The law may, therefore, now be taken to be settled as a result of this decision, that where the Government makes a promise knowing or intending that it would be acted on by the promisee and, in fact, the promisee, acting in reliance on it, alters his position, the Government would be held bound by the promise and the promise would be enforceable against the Government at the instance of the promisee, notwithstanding that there is no consideration for the promise and the promise is not recorded in the form of a formal contract as required by Article 299 of the Constitution. It is elementary that in a republic governed by the rule of law, no one, howsoever high or low, is above the law. Everyone is subject to the law as fully and completely as any other and the Government is no exception.
21. It was further observed that, 'whatever be the nature of the function which the Government is discharging, the Government is subject to the rule of promissory estoppel and if the essential ingredients of this rule are satisfied, the Government can be compelled to carry out the promise made by it'. The burden placed upon the Government to escape from the rule was explained thus :
When the Government is able to show that, in view of the facts which have transpired since the making of the promise, public interest would be prejudiced if the Government were required to carry out the promise, the court would have to balance the public interest in the Government carrying out a promise made to a citizen which has induced the citizen to act upon it and alter his position and the public interest likely to suffer if the promise were required to be carried out by the Government and determined which way the equity lies. It would not be enough for the Government just to say that public interest requires that the Government should not be compelled to carry out the promise or that the public interest would suffer if the Government were required to honour it. The Government cannot, as Shah, J., pointed out in the Indo-Ajghan Agencies' case A.I.R. 1968 S.C. 718, claim to be exempt from the liability to carry out the promise 'on some indefinite and undisclosed ground of necessity or expediency', nor can the Government claim to be the sole judge of its liability and repudiate it 'on an ex parte appraisement of the circumstances'. If the Government wants to resist the liability, it will have to disclose to the court what are the subsequent events on account of which the Government claims to be exempt from the liability and it would be for the court to decide whether those events are such as to render it inequitable to enforce the liability against the Government. Mere claim of change of policy would not be sufficient to exonerate the Government from the liability ; the Government would have to show what precisely is the changed policy and also its reason and justification so that the court can judge for itself which way the public interest lies and what the equity of the case demands. It is only if the court is satisfied, on proper and adequate material placed by the Government, that overriding public interest requires that the Government should not be held bound by the promise but should be free to act unfettered by it, that the court would refuse to enforce the promise against the Government. The court would not act on the mere ipse dixit of the Government, for it is the court which has to decide and not the Government whether the Government should be held exempt from liability. This is the essence of the rule of law. The burden would be upon the Government to show that the public interest in the Government acting otherwise than in accordance with the promise is so overwhelming that it would be inequitable to hold the Government bound by the promise and the court would insist on a highly rigorous standard of proof in the discharge of this burden. But even where there is no such overriding public interest, it may still be competent to the Government to resile from the promise 'on giving reasonable notice, which need not be a formal notice, giving the promisee a reasonable opportunity of resuming his position' provided of course it is possible for the promisee to restore status quo ante. If, however, the promisee cannot resume his position, the promise would become final and irrevocable.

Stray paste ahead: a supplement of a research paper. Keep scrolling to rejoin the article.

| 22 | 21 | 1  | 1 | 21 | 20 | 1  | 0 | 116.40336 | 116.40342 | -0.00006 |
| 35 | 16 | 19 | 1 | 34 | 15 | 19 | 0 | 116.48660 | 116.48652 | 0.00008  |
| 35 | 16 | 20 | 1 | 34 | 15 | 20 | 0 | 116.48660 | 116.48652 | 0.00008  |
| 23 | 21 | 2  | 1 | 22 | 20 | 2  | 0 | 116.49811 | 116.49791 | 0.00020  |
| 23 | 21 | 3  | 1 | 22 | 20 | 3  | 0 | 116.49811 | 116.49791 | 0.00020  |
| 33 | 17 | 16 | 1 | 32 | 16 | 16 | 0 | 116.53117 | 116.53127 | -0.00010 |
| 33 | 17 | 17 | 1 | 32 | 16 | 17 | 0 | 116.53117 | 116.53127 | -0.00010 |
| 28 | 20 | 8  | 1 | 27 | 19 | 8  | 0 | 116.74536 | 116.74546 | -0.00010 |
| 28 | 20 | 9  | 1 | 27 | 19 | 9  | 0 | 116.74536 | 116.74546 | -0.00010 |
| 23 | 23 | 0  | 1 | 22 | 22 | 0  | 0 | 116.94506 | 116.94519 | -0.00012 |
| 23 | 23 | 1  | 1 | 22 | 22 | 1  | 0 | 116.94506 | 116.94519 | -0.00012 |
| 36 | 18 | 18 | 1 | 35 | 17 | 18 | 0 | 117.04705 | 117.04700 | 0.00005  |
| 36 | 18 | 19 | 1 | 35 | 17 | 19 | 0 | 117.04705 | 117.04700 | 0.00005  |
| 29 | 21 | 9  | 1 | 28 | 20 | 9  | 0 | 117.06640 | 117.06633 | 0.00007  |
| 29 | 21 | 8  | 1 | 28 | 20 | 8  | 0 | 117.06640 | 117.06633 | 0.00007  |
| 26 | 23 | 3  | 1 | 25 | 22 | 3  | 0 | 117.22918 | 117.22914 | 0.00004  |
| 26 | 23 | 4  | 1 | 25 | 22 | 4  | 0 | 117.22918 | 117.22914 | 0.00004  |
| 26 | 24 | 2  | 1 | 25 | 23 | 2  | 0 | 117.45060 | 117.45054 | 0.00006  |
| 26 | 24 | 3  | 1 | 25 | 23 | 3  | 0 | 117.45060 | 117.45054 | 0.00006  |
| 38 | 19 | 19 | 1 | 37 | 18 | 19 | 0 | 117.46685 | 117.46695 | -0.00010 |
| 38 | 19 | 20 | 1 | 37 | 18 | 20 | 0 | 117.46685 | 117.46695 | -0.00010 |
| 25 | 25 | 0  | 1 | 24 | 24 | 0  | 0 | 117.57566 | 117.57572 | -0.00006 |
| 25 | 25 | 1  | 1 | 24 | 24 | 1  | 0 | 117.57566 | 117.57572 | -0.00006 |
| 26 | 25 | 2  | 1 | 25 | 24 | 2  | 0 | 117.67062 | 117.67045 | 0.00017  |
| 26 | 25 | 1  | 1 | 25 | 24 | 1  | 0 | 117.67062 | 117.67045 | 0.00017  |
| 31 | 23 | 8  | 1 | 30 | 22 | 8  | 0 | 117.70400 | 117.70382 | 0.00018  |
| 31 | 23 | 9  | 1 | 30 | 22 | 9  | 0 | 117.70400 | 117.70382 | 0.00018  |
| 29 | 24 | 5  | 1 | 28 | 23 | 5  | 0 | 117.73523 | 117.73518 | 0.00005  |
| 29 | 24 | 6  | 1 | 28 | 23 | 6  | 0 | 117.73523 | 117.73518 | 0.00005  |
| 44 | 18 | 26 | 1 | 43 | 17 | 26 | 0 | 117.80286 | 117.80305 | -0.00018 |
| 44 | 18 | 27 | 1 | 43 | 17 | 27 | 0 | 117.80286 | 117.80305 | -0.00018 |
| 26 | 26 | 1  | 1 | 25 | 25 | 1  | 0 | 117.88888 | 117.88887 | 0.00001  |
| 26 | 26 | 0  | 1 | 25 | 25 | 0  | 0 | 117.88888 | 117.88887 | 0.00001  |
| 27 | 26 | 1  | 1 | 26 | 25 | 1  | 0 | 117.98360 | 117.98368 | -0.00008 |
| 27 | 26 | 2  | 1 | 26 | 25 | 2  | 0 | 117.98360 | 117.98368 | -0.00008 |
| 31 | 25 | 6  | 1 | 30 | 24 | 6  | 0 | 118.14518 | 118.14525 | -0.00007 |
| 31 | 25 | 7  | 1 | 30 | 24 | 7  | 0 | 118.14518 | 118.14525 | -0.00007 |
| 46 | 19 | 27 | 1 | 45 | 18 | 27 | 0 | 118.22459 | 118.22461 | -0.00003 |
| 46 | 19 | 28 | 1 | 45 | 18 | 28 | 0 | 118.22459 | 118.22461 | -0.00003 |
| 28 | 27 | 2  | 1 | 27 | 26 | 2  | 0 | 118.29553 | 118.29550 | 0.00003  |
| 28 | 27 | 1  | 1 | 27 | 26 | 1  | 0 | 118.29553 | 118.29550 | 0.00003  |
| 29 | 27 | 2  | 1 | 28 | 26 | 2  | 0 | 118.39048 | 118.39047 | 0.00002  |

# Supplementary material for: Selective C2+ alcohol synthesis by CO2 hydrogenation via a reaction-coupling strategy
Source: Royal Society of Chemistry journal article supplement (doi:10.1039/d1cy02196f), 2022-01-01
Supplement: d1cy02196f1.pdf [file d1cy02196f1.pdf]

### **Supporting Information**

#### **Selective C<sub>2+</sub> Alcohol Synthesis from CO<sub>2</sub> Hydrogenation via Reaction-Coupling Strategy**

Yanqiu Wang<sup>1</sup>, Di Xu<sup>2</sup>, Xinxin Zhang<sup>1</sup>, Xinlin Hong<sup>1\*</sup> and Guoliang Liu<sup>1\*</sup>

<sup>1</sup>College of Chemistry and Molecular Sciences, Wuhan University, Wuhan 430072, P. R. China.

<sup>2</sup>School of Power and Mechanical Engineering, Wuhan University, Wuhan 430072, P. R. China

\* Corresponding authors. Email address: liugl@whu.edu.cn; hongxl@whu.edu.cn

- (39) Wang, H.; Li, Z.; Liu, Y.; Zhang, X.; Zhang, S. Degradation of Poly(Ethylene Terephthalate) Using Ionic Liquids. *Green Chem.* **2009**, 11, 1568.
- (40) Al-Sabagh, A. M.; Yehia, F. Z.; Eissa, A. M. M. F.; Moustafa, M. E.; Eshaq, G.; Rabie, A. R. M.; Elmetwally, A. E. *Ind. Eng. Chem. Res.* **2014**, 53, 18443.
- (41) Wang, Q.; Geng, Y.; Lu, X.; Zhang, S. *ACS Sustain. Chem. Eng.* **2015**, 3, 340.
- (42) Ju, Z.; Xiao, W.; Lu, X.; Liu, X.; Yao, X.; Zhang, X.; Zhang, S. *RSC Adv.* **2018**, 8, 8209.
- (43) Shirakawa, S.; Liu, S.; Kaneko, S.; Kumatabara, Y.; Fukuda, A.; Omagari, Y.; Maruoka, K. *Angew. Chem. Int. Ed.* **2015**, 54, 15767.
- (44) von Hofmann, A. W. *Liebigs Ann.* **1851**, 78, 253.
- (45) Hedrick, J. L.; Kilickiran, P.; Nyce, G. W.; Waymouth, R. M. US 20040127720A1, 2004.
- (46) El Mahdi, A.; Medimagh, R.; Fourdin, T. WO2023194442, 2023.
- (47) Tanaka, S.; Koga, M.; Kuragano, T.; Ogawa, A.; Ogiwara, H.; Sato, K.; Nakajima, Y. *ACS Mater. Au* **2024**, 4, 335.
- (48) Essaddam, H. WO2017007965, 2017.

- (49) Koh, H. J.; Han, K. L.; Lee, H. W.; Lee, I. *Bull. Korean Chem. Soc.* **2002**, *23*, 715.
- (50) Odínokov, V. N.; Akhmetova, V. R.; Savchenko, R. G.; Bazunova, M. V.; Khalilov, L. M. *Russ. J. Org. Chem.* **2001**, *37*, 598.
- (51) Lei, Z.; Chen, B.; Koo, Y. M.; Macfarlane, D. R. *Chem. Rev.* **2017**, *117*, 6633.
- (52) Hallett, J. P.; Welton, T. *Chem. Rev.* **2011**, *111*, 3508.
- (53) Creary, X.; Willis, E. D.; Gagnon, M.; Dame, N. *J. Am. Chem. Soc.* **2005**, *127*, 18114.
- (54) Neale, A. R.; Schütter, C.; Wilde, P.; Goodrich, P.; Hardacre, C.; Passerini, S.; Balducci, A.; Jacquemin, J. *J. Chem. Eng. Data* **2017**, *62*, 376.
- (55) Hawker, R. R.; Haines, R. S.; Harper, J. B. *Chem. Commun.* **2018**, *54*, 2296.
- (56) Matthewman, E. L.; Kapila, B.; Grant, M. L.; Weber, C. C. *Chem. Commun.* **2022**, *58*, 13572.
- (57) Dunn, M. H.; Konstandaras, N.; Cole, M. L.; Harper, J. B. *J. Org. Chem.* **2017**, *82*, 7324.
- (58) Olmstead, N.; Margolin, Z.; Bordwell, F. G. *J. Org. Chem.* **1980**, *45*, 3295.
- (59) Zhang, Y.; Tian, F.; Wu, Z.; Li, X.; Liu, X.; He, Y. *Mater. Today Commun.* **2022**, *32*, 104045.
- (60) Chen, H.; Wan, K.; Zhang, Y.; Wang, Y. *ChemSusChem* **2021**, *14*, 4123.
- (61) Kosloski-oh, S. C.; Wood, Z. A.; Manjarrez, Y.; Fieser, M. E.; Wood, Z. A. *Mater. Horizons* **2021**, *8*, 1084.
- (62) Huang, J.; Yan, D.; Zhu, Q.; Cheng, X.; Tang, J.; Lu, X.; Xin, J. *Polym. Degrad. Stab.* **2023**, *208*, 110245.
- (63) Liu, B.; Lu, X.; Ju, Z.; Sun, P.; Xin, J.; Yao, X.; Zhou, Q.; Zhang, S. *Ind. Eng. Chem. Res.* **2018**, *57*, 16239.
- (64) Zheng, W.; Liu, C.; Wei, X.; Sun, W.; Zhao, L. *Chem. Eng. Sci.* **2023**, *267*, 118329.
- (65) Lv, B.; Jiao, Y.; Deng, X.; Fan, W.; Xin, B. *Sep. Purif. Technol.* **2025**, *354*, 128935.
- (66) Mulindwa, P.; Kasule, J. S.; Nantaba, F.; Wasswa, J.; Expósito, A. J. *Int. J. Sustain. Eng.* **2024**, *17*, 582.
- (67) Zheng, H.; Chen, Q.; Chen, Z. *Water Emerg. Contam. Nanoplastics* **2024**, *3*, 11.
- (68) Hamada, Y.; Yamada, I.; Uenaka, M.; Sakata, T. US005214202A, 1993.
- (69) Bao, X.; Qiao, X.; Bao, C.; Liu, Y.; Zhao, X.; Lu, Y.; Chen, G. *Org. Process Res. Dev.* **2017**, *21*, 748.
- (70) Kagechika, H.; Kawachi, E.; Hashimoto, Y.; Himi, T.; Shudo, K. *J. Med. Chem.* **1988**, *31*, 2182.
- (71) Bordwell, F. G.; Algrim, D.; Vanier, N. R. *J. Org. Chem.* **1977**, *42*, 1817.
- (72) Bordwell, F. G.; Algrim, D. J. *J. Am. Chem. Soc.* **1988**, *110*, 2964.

22. It was, however, clarified that the doctrine of 'promissory estoppel' cannot be availed to permit a breach of the law nor it could be invoked to compel the Government or even a private party to do the act prohibited by the law. The doctrine could also not be used against the exercise of legislative power since the legislature can never be precluded from exercising the function by resorting to the doctrine of 'promissory estoppel'.
23. Applying the principles laid clown by the Supreme Court, we hold that the petitioners cannot be denied the sales tax holiday referred to in the notification dated 27th May, 1974, and be called upon to pay the sales tax in terms of the impugned notifications. As already stated, the Government has failed to show the overriding public interest due to which they decided to go back on their promise of the sales tax holiday. Indeed the Government have based their departure from the promise on their right to tax or grant exemption whenever they like. It is precisely this right which has been denied to them by the Supreme Court.
24. The result is that we allow all the petitions and direct the respondents not to levy the sales tax on the petitioners under the impugned notifications. The State will pay costs to the petitioners.